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THE RISE AND FALL OF NATIONS

FORCES OF CHANGE IN THE POST-CRISIS WORLD

Evenhanded, measured, sage advice on the global economy.

This efficient, positive guide for the practical observer and investor shows how to choose healthy emerging markets.

After the 2008 global financial crisis, impermanence is the watchword, writes Sharma (Breakout Nations: In Pursuit of the Next Economic Miracles, 2012), the head of emerging markets and global macro at Morgan Stanley Investment Management. Since no one seemed to have been able to predict the 2008 meltdown, and the most-hyped emerging nations of Brazil, Russia, India, and China (BRIC) have now fallen into being considered a “bloody ridiculous investment concept,” the author urges the use of skepticism, short-term planning (five or six years), and reliable data in trying to grasp forces of change. His “rules,” developed over “25 years on the road” with a team of researchers, encompass the factors of growth in some “fifty-six postwar emerging economies that managed to sustain a growth rate of 6 percent for at least a decade.” In each chapter, rather than moving country by country, Sharma tackles one of these factors. He looks at demographic data in order to get a sense of the makeup of the available workforce (falling birthrates are prompting countries to add incentives for having babies, such as in Singapore, France, and Chile, along with increasing the retirement age and attracting migrants), and he considers whether a new political leader will be able to enact reforms (e.g., Brazil’s Lula da Silva), investigates areas of income inequality (e.g., billionaires in India), and examines state spending and how to make the most of a country’s “geographic sweet spot” (e.g., Korea, Taiwan, Vietnam). Sharma discusses investment in factories, the measurement of food prices, and the importance of ignoring the “hype watch” and of keeping an eye on the locals to determine when a country is in crisis or recovery. The final chapter is a rather bold assertion of which countries might be considered “the good, the average, and the ugly.”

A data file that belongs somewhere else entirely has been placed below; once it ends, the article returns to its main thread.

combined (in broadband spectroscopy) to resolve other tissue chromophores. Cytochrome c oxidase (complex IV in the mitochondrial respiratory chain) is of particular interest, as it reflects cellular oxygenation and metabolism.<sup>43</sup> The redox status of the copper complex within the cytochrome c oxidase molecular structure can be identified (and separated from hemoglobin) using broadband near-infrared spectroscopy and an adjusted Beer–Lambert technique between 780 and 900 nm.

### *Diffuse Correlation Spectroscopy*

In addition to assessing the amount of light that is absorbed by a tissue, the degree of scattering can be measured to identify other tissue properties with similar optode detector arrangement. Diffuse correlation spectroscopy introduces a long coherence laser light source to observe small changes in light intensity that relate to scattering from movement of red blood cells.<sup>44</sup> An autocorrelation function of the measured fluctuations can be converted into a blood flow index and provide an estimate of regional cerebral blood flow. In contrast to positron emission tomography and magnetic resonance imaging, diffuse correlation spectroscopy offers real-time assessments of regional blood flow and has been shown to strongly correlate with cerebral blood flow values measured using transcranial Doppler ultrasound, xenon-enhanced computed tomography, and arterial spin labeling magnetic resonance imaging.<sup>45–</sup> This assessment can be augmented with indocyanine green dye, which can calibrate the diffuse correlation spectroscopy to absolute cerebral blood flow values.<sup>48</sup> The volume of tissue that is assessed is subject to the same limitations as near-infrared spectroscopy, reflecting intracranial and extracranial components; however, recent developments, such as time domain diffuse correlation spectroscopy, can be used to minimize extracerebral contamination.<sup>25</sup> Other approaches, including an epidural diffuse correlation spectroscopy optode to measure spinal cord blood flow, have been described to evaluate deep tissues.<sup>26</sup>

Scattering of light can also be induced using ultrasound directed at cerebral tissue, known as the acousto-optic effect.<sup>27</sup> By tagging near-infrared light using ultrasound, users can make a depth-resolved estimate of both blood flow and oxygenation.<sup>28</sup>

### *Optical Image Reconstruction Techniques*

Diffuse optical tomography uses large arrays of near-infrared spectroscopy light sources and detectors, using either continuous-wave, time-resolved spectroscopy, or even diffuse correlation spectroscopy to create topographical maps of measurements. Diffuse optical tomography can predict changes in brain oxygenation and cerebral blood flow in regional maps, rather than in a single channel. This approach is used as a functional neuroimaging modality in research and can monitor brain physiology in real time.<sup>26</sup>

Evenhanded, measured, sage advice on the global economy.

Pub Date: June 7, 2016

ISBN: 978-0-393-24889-0